Lego Banksy

Award-winning photographer Jeff Friesen has made quite a name for himself in his “other line of work” by using different combinations of Lego bricks and minifigures to create entirely new outcomes.

What started out as simply afternoon playtime with his daughter has evolved into The Brick Fantastic.

One particular project of his that caught my eye was his work as “Bricksy“, a Lego interpretation of the infamous artist Banksy.

bricksy2Pulp Fiction

bricksy11Sweeping It Under The Carpet

bricksy1Girl With Balloon

bricksy12Foreclosure

bricksy7Laugh Now

bricksy8Keep It Real

bricksy14Fridge Kite

bricksy13Caveman With Junkfood

bricksy15Love Deep

bricksy10Choose Your Weapon

bricksy9Naked Man

bricksy6Soldier With Spraycan

bricksy5Tightrope Rat

bricksy4Kissing Coppers

bricksy3Bouquet Grenade

In researching the images used here it had never occurred to me that as big a fan of Banksy’s work as I am, I didn’t know the proper titles of many of his works.

Seeing them written below the work makes them all the more poignant and profound particularly when you consider what the likes of “Choose Your Weapon” and “Foreclosure” really represent.

More on the website gallery here.

Colourgasm

Happy Friday everyone!

To celebrate here is Nina Geometrieva‘s Colourgasm in all of its seemingly endless glory.  Anything that has been described as “some kind of rainbow laser beam” is worthy of kicking off the weekend.

colorgasm-gif-by-nina-geometrieva

If you prefer, you can scroll down the huge 725 x 24076 pixel image on her Behance page here.

Slow Life

You might not think of coral as a particularly mobile creature of the ocean compared to the life of fish and sharks we are used to watching, but along with sponges and other “slow” marine creatures they have been brought to life in this stunning capture from Daniel Stoupin.

Under high magnification and using a fairly intense time lapse approach we can now see these animals come to life.

The most important living organisms that play the key functions in the biosphere might not seem exciting when it comes to motion. Plants, fungi, sponges, corals, plankton, and micro organisms make life on Earth possible and do all the hard biochemical job.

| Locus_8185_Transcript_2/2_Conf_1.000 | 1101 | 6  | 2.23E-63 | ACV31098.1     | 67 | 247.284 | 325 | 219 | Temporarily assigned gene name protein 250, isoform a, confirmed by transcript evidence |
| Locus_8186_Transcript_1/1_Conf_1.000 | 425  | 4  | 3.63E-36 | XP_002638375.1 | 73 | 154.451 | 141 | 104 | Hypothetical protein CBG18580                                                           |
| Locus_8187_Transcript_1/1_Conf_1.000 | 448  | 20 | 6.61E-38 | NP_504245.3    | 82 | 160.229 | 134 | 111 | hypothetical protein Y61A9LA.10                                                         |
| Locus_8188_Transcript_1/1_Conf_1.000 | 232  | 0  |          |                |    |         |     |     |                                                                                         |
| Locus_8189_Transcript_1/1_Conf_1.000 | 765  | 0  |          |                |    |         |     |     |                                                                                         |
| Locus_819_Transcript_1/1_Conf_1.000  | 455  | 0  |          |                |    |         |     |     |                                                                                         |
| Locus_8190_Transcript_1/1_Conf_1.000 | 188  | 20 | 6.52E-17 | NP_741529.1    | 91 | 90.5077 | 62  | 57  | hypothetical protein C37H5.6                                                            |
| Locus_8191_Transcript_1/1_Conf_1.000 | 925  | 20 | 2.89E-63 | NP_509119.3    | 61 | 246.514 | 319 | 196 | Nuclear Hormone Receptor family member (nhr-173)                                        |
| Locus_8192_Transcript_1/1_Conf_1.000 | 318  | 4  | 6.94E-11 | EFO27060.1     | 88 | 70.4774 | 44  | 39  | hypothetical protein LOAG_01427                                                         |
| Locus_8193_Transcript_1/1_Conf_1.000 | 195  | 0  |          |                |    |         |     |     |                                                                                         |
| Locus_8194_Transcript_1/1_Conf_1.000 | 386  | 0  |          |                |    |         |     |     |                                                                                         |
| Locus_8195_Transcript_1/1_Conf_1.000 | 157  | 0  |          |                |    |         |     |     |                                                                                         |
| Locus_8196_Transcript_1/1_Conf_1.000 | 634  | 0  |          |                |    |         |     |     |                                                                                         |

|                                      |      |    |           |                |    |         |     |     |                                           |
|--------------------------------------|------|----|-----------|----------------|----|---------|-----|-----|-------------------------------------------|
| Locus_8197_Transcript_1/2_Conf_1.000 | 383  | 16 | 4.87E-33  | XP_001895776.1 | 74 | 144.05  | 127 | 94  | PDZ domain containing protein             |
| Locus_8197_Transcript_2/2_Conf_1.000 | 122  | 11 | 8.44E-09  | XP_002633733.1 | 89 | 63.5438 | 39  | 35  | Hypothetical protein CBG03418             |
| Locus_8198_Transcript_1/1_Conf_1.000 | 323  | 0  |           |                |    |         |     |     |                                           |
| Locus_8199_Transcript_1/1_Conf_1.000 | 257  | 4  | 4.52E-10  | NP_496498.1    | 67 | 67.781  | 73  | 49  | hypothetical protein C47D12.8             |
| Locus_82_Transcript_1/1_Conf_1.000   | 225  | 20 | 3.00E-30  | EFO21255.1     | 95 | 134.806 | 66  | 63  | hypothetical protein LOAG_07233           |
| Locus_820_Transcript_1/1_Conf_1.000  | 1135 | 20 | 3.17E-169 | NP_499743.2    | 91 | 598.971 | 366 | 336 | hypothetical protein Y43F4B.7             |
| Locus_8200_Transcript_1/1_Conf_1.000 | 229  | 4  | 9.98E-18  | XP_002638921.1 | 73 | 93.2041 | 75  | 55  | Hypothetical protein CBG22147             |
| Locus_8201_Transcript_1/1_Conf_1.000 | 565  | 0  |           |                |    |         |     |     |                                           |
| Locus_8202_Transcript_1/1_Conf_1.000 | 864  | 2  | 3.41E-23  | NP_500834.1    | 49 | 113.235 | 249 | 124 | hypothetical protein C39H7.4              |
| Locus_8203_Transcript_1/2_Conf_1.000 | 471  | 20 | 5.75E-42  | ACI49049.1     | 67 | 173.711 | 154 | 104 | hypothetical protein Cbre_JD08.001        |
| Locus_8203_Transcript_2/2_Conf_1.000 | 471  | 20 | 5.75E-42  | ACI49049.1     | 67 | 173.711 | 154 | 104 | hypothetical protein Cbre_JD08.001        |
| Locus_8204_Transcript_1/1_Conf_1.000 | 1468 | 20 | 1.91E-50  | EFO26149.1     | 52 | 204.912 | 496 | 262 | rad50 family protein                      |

This is a definite must for full screen and HD viewing.
(tip: when you enter full-screen mode, click “view actual size” next to the HD icon to improve sharpness)

Each frame of the video uses between 3-12 images in a focus stacking technique to combat the shallow depth of field effect that macro photography requires.  This adds up to a staggering 150,000 shots over the 3:38 of footage.  Wow.

The footage was captured on a Canon 7D, a Canon 5D Mk III, a Canon MP-E 65mm lens, three custom spectrum lamps, Stackshot motorised stages, and, unsurprisingly, multiple computers to process the raw images and manage the focus stacking.  Software noted as Sony Vegas, Photoshop CS6, Zerene Stacker, and Helicon Focus.

Daniel reiterates that all the colours shown are real.  There is no digital enhancement, simply white balance correction as required.  Beautiful stuff.

More information on this and about the organisms in the video here, and more incredible images on his site here.

The Chemistry Of Cookies

Cookies are awesome.  No question.  They look brilliant, taste fantastic, and smell amazing!

But have you ever wondered why?  No?  To be honest I hadn’t either, but that inescapable desire for freshly baked cookies once the smell hits your nose is all to do with science.

You stick cookie dough into an oven, and magically, you get a plate of warm, gooey cookies. Except it’s not magic; it’s science.

Here’s another gem from Ted-Ed educator Stephanie Warren that explains exactly why.

So next time you bake some cookies there’s no need to set the kitchen timer, just wait for your nose let you know when the Maillard reaction has taken place.

Proof that “science can be pretty sweet”.  Happy baking!

Little Planet Dubai 360

I’ve been fortunate enough to travel out to the Middle East with work on a number of occasions over the past few years.  This means I’ve viewed slightly more than most of Dubai’s airport and terminals, though this is one viewpoint I never thought I’d see it from!

Full screen viewing recommended for this one.

The video is a spectacular time lapse capture that was shot over 30 hours and comprises of 88,000 (yes, eighty eight thousand!) photos to show 360 degree views of the earth rotating around a point on top of the airport control tower.